Interview with Slim Othmani, Chairman, NCA-Rouiba
On a small piece of Algerian land in 1966, Salah Othmani and his father Mohamed-Saïd began building the foundation for what is today known as one of the country’s most successful businesses, NCA-Rouiba. By ordering the production of the tomato concentrate “Harissa” and various canned fruits, the brand soon gained momentum. In 1970, Salah joined arms with his brothers Mokthar, Said, El Hadi, Hocine and Mohamed to continue the business’ growth.
Today NCA-Rouiba is run by the third generation, headed by Chairman Slim Othmani and his cousin Sahbi who have refocused core activities around the production of fruit juices and non-carbonated soft drinks. In 2005, the family business underwent an important change by implementing corporate governance and so securing the investment of an important private equity firm which allowed the family business to expand considerably.
NCA-Rouiba is now on the verge of being listed on the Algerian stock exchange under the leadership of Slim Othmani. Tharawat magazine speaks to Othmani about the importance of corporate governance in managing the family’s expectations, the values that lie at the core of his businesses success, and plans for the future.
When did you start participating in the family business and how has your role evolved since?
I was born and grew up in Tunisia, before I moved to Canada after I got my computer engineering degree. In 1991, I decided to return to Algeria. My return was motivated by the many discussions I had had with my father about the futur of our family business. He knew that I was a computer engineer and that I might not be interested in our business, which was an agribusiness at the time. I came back and joined for a while which made me realise that I really wanted to give that touch of modernity to the business and make it more profitable and more efficient. Another reason kept me in Algeria, which was my sense of duty to my country, which at that period was going through a difficult time. It was one of the worst periods in our history, and I felt that I had a responsibility to my family, and toward my country, to be there. The third reason why I joined was that I found my father growing tired of the business and I wanted him to enjoy life.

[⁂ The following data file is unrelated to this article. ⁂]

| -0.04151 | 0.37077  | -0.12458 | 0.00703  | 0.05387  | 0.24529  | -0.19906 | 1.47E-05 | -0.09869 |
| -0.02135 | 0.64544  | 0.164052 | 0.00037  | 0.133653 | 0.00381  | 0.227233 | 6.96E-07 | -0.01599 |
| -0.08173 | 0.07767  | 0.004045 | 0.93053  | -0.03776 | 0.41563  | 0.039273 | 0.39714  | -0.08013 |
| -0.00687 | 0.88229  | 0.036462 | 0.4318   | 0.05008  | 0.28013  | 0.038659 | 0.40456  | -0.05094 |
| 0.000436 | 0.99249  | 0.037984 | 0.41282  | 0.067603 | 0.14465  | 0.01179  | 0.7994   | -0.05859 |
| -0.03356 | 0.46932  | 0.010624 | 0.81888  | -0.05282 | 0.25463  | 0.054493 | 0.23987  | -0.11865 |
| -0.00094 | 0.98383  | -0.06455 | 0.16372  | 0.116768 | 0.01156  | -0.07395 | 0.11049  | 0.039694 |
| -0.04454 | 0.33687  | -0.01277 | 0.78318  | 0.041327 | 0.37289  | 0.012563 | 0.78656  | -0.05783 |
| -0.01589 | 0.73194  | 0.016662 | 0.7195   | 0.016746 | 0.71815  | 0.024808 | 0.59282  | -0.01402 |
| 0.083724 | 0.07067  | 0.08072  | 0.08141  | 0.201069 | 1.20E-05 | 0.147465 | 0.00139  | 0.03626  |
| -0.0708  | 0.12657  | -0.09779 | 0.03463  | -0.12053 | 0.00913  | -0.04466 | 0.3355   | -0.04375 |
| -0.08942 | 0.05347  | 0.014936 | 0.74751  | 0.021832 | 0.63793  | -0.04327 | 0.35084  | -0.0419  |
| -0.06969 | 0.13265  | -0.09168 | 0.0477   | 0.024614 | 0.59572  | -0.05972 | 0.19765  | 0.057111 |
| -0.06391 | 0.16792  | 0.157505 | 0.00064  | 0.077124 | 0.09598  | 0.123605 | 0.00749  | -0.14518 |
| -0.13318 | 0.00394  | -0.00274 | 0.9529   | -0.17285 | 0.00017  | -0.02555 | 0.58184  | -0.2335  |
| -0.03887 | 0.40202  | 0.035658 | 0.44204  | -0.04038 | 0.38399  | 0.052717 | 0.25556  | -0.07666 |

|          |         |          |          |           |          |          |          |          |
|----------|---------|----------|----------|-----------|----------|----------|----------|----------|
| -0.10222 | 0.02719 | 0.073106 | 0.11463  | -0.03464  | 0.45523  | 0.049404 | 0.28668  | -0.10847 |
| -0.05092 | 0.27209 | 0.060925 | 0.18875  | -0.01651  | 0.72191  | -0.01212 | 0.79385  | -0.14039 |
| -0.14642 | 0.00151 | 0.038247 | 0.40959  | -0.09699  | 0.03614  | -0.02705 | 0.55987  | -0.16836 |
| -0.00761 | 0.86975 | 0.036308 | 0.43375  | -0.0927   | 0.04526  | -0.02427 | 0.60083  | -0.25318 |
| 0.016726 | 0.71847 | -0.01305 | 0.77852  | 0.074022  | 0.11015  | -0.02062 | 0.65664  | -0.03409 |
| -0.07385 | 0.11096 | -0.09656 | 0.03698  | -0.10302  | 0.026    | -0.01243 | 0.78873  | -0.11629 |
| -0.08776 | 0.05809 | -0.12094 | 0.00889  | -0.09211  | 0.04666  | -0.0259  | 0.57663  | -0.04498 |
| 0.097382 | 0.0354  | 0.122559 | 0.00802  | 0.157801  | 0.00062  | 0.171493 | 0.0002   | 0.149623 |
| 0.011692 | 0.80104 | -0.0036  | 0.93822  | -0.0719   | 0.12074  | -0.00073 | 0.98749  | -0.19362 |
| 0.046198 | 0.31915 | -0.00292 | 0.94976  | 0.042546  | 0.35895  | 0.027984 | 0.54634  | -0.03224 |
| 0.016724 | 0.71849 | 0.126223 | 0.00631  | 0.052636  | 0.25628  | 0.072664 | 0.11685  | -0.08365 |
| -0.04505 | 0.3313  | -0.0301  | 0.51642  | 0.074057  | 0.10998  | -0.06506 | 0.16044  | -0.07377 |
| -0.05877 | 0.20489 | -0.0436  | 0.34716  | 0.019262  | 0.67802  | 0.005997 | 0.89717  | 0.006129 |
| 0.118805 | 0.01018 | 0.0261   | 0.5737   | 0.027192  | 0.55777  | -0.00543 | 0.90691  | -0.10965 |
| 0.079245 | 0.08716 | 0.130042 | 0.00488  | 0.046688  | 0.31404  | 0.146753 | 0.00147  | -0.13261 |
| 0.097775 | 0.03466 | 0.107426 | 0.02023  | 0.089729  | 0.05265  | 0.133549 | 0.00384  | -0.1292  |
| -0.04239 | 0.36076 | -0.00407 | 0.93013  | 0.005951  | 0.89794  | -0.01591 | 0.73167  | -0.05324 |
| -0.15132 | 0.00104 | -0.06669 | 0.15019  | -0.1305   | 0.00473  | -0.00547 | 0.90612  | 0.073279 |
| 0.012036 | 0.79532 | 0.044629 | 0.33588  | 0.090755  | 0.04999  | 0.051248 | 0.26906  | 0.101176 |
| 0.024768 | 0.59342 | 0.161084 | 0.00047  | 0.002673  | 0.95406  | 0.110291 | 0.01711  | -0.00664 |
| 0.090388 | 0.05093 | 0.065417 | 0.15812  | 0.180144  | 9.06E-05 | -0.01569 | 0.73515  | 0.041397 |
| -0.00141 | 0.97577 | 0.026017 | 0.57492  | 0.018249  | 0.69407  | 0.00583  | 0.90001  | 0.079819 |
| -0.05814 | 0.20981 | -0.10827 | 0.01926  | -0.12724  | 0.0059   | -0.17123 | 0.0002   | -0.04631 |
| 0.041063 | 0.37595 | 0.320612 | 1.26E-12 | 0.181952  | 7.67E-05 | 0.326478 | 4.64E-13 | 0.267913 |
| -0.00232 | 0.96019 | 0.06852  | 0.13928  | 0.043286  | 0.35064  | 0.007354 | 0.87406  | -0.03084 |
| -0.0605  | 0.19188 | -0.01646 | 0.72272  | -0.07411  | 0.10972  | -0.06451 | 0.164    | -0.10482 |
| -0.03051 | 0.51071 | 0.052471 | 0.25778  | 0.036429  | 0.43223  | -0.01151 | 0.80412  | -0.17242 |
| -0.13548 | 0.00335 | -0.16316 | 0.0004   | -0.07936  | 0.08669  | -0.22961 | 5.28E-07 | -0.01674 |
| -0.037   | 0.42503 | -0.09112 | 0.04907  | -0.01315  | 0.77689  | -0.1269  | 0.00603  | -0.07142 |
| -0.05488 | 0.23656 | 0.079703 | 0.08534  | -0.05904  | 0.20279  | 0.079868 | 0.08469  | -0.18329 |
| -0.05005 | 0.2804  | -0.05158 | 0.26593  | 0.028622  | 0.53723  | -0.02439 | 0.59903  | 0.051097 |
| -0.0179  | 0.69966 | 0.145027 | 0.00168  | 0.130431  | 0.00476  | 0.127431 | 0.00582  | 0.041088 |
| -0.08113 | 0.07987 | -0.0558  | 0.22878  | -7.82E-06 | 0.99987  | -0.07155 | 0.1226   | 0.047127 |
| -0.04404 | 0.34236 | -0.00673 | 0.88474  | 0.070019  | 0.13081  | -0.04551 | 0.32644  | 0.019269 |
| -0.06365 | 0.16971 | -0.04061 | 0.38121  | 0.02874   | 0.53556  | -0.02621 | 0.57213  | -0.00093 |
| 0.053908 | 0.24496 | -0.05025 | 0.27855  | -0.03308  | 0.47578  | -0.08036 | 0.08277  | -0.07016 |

I joined bringing my own projects for the family: We became the Coca Cola bottler for Algeria. I set up this new business with my uncles and my father, and ran it for two years, and then I took the control of our juice business. I also decided to have my own computer business to promote Microsoft products in Algeria.